Paying It Forward

This was originally posted on the Local Fourth blog as part of my participation in a community media innovation project at the Medill School of Journalism.

I’m finding the word community increasingly confusing, especially when navigating the world of hyperlocal publishing.  When someone says community, do they mean community like the city of Evanston, or the city’s West Side neighborhood, or a block club or church. Or, do they mean the community of users of a particular site? When do these groups intersect, when are they too disparate?  The 2010 Knight News Challenge goes as far as defining a specific Community category for entries:

Community: Seeks groundbreaking technologies that support news and
information specifically within defined geographic areas. This is designed to
jump-start work on technologies and approaches that haven’t arrived yet.
Unlike the first three categories, sub-
missions in this area must be tested in a geographically designated community.

But, in a Sept. 20 post announcing the 2010 challenge, the poster wrote “I think of this as our io9 category,” referring to a Gawker Media-run science-fiction and popular culture site.  Perhaps the poster was referring to the future-focused voice of the site, but it also surfaces the possibility that people may increasingly identify with communities and person-to-person interactions that aren’t geographically bound.

In looking at strong, geographically disparate online communities, groups of people engaging around free/libre/opensource software, or FLOSS projects are one of the most compelling. While they can exhibit the same segregation or bickering of physical communities, they can also be a model for people coming together to build something that serves a clear need. The way in which many projects are firmly grounded in utility and the way in which similar projects seem to sustain themselves not by competing but by understanding how their project does a job that’s different than other software is a lesson that media organizations, particularly in the hyperlocal space, would do well to learn.

FLOSS projects also complicate traditional notions of sustainability. While many projects have found ways to sustain themselves financially, either through donations, sponsorship or by incredible use of volunteer time coding, documenting and providing help and training for the project, FLOSS projects tend to put utility ahead of commercial viability. Making technology that serves a need and remains relevant and responsive to changing needs and to feedback from users is as important to the sustainability of the project as the dollars and cents.

We make use of a lot of FLOSS for implementing the technological part of the innovation project. While there are lots of ways that we could give back for this technology that is so useful us as developers (Palintir, a Chicago-based web development shop that specializes in sites based on the Drupal content management system, for instance, contributes code that they use to develop new features for their clients back to the larger Drupal community), the tight time constraints of graduate school and a rapid project mean that dollars are the best way that I can give back to these projects.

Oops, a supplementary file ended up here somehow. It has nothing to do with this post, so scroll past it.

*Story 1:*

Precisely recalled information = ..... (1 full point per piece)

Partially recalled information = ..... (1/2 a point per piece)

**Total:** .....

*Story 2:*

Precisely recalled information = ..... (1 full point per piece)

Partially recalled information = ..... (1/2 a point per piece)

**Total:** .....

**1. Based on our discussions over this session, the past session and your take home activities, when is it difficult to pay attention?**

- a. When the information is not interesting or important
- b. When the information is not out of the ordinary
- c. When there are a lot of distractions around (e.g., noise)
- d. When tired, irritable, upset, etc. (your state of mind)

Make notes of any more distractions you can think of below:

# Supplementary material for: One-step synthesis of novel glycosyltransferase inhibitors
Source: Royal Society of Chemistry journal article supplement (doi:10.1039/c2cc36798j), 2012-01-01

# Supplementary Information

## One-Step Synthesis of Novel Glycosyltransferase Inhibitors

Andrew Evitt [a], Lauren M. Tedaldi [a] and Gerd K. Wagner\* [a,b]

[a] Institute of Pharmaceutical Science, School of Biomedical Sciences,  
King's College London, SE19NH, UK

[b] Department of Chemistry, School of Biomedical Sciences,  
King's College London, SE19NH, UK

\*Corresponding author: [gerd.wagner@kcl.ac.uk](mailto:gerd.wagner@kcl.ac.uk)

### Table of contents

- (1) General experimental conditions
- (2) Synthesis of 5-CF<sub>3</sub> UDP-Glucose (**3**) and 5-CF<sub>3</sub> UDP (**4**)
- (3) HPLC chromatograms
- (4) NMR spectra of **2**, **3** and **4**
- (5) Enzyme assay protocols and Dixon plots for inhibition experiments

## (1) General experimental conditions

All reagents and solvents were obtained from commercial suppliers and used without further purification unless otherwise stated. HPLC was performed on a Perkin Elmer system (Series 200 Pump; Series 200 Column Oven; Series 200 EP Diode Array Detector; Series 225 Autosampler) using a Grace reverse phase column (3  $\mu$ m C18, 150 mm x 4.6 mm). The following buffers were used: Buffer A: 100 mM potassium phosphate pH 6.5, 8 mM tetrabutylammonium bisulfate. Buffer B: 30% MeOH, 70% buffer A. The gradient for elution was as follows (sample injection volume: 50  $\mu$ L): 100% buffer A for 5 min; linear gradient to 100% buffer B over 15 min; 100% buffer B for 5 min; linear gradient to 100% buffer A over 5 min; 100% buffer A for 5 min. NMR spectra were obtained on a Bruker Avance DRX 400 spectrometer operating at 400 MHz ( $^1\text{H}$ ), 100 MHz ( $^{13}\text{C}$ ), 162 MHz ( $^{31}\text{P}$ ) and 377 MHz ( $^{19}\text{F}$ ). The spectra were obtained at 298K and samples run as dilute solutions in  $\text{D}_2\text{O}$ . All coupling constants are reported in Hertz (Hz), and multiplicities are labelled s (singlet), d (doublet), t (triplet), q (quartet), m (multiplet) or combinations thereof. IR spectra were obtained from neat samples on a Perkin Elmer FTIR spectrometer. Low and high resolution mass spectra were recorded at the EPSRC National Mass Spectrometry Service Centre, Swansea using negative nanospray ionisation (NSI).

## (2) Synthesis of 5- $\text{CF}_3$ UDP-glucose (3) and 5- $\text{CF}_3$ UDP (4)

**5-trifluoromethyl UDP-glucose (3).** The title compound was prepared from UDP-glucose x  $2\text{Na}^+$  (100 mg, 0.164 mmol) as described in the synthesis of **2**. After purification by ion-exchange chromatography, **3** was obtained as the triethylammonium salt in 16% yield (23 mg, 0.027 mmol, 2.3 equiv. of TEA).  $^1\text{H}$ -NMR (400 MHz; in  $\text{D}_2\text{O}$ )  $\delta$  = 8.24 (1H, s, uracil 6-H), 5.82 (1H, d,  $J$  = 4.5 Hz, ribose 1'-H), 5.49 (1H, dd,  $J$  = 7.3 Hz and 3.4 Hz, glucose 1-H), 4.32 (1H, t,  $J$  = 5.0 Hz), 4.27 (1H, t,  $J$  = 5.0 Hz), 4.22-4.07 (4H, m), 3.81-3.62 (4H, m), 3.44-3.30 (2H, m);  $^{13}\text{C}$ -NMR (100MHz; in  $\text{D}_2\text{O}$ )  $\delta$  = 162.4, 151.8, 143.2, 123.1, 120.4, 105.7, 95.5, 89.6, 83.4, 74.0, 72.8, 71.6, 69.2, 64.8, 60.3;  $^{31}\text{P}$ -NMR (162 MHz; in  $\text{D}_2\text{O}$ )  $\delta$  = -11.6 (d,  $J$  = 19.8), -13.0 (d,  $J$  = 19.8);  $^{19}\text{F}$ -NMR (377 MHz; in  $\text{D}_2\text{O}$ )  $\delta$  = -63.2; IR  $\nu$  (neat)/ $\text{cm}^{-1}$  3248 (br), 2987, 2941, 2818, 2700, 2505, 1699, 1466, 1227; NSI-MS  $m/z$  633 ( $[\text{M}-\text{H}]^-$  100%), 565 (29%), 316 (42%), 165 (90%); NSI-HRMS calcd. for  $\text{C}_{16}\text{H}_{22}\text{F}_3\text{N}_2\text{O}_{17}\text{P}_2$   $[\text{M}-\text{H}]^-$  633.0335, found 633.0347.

Even though most of the tools that I use to make technology are available free of cost, paying something for them helps me think of how I value the tools for this project. I’ve decided to donate the amount of money that I spend each week on a common indulgence during this project, going out for lunch with other team members, to some of the FLOSS tools that I’ve used the most in the last few weeks.

Python – most of the code in this project is written in this language. It’s flexible, easy to learn, has a large number of useful contributed libraries and is very readable making it easy to understand someone else’s code. Donate to the Python Software Foundation.

jQuery – If the back end of the project is written in Python, the front end is highly dependent on the jQuery javascript framework. JQuery makes it easier to implement some of the rich user interactions that people have come to expect on the web. Donate to the jQuery project.

Django – Django is a Python web framework that has its roots in the newsroom. . The first time I used the framework, I was amazed at how it streamlined the most tedious aspects of web development. When I’m curious about how to do something in the framework, I often discover that there’s an elegant approach provided in the framework along with clear documentation. Donate to the Django Software Foundation.

Vim – I was compelled to learn to use this editor when I started at my first tech job at a regional Internet service provider. The network administrator said that it was important to learn vi (Vim, an enhanced version of the classic UNIX editor, stands for vi improved) because you could be assured that it would be available on any UNIX system that you found yourself poking around. While the navigation of the program, which is keystroke heavy, seemed unintuitive at first, once I got used to it, the lightweight but highly customizable and extensible editor felt like it was designed just for me. Rather than asking for donations to sustain the project, Vim’s lead developer solicits donations for a charity that supports children in Uganda.

Firebug – I don’t know how I wrote programs for the web before Firebug. This Firefox extension helps me understand and tweak the HTML and CSS of a design and also see what is going on behind the scenes with Javascript errors and AJAX requests. Donate to the Firebug project.

craft, code, gender, and computing